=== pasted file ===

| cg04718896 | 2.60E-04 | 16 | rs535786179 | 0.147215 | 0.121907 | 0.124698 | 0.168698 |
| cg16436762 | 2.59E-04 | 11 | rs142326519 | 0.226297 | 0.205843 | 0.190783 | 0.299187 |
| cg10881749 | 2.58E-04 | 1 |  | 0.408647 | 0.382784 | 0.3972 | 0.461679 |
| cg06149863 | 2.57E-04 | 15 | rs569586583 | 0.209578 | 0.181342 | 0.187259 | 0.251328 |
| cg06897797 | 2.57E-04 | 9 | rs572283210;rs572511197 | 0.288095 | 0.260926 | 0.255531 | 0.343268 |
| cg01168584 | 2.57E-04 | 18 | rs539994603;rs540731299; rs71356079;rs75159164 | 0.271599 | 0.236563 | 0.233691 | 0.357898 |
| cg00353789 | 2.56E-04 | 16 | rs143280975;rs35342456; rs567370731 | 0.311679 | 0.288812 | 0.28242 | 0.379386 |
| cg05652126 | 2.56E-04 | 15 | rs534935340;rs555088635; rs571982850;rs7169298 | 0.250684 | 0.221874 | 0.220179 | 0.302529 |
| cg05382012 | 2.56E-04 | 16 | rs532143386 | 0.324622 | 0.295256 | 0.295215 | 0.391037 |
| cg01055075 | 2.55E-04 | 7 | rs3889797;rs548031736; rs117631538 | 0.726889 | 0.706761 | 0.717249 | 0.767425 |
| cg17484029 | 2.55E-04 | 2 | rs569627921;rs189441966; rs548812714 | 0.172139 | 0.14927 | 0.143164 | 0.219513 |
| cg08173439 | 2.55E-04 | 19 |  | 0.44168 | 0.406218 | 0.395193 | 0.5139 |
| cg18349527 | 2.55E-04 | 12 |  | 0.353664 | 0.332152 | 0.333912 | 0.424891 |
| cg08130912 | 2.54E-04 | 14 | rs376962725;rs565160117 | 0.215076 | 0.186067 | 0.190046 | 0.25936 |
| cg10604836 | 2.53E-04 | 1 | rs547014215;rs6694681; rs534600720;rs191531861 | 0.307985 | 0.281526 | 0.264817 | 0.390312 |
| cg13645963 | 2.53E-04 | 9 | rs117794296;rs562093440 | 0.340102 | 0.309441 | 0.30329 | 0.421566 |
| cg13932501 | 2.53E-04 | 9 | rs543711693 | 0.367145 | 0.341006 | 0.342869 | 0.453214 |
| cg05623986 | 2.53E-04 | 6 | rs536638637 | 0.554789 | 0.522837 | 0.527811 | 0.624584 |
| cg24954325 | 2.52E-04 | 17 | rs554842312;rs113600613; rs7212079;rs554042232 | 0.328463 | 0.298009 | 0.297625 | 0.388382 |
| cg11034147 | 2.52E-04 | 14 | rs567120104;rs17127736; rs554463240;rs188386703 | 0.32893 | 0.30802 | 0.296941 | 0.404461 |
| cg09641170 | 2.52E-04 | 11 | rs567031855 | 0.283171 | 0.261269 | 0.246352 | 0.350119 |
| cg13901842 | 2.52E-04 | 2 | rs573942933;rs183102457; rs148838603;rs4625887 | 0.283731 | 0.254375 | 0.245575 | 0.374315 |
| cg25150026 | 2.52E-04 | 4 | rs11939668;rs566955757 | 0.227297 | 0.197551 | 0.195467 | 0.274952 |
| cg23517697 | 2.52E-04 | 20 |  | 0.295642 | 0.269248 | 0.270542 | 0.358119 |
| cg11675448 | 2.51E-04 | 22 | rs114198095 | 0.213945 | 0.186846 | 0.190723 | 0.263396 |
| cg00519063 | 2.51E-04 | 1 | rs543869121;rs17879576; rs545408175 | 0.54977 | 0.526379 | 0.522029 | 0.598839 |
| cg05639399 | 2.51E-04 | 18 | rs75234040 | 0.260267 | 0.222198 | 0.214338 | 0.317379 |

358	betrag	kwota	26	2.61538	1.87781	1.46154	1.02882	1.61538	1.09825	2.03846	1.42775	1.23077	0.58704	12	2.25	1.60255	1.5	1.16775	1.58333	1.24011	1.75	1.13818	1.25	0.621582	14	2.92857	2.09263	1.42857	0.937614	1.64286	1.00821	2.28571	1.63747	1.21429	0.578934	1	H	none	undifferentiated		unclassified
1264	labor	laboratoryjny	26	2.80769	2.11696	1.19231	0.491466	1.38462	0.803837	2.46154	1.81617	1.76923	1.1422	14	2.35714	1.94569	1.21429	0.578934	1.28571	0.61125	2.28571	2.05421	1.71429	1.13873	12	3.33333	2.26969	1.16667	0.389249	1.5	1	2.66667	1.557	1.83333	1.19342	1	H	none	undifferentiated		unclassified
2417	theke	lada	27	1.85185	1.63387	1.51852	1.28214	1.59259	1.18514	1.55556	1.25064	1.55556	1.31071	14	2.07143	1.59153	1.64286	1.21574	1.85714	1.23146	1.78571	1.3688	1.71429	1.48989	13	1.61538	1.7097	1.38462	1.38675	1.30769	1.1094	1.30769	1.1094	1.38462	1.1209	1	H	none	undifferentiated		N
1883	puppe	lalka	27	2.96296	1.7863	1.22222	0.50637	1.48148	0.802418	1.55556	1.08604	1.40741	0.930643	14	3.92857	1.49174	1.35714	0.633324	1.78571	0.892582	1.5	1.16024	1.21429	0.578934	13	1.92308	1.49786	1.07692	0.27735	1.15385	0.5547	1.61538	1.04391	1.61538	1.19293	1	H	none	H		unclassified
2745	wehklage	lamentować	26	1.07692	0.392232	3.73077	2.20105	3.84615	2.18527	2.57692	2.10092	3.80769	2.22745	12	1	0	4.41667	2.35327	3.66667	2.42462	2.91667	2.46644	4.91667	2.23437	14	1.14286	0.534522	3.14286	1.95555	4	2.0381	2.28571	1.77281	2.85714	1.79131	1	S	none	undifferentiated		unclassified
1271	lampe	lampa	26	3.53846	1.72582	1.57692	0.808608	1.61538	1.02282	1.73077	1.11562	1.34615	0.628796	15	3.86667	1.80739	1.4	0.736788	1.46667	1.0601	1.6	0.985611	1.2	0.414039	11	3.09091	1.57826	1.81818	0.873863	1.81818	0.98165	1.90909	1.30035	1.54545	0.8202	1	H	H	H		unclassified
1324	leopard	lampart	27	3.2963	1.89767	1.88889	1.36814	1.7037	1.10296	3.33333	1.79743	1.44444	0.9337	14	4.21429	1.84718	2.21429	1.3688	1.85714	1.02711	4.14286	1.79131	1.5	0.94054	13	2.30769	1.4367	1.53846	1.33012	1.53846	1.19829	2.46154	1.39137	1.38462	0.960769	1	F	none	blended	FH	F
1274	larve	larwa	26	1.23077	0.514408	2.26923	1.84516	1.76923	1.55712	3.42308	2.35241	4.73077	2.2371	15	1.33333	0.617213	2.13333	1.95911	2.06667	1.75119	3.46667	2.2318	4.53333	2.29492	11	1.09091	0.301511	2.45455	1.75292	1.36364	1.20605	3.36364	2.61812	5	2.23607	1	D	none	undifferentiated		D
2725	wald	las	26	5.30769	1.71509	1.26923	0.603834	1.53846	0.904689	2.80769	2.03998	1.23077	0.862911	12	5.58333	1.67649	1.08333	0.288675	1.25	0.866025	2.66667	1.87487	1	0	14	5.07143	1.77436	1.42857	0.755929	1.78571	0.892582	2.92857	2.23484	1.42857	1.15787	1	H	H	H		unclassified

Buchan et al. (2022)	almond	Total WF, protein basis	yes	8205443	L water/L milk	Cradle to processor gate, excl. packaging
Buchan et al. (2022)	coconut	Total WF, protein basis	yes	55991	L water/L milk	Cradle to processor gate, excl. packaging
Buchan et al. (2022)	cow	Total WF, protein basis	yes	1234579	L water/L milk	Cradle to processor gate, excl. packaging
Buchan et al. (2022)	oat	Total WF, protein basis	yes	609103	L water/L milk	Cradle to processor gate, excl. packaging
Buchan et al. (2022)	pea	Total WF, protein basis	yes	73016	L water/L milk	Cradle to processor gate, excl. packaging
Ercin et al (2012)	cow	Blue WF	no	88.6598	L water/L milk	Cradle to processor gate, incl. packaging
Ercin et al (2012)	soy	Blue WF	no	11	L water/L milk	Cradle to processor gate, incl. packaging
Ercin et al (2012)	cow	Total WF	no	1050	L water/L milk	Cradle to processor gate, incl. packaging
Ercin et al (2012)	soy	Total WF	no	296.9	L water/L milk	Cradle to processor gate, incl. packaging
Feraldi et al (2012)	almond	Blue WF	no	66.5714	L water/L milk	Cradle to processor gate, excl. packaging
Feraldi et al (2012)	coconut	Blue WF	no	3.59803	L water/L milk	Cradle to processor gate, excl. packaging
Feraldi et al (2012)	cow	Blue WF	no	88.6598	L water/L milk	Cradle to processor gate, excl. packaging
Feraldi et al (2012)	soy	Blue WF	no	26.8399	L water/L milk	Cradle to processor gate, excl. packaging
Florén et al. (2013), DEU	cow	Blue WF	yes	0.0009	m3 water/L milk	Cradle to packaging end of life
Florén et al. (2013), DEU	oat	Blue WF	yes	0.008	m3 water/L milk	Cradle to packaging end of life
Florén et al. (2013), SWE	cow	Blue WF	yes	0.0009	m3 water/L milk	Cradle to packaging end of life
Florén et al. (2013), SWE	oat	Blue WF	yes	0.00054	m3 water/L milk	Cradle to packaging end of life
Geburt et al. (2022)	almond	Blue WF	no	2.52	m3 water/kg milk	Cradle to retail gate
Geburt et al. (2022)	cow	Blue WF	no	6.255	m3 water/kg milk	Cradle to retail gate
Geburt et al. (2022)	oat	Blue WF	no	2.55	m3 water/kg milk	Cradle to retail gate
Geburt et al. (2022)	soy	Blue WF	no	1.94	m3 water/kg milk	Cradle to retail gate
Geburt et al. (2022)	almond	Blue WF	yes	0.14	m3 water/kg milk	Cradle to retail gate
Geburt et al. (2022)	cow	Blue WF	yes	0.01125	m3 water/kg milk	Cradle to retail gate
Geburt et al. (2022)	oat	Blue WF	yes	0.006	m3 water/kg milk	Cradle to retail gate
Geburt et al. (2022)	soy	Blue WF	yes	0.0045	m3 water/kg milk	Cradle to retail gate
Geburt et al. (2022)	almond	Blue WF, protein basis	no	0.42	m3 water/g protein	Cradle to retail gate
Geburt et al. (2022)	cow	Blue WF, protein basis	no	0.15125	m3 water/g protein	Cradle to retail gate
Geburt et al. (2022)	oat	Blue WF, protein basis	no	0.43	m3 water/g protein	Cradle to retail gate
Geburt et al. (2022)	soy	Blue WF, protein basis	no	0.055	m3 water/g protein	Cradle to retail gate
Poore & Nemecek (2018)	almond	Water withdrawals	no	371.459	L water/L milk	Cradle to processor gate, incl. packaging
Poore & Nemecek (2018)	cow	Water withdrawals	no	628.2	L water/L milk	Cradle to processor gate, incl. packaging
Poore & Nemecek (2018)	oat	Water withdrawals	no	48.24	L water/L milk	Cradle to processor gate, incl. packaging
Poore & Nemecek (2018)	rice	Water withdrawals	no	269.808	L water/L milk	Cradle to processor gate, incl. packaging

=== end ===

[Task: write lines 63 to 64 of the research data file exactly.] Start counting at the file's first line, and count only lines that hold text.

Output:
Geburt et al. (2022)	cow	Blue WF, protein basis	no	0.15125	m3 water/g protein	Cradle to retail gate
Geburt et al. (2022)	oat	Blue WF, protein basis	no	0.43	m3 water/g protein	Cradle to retail gate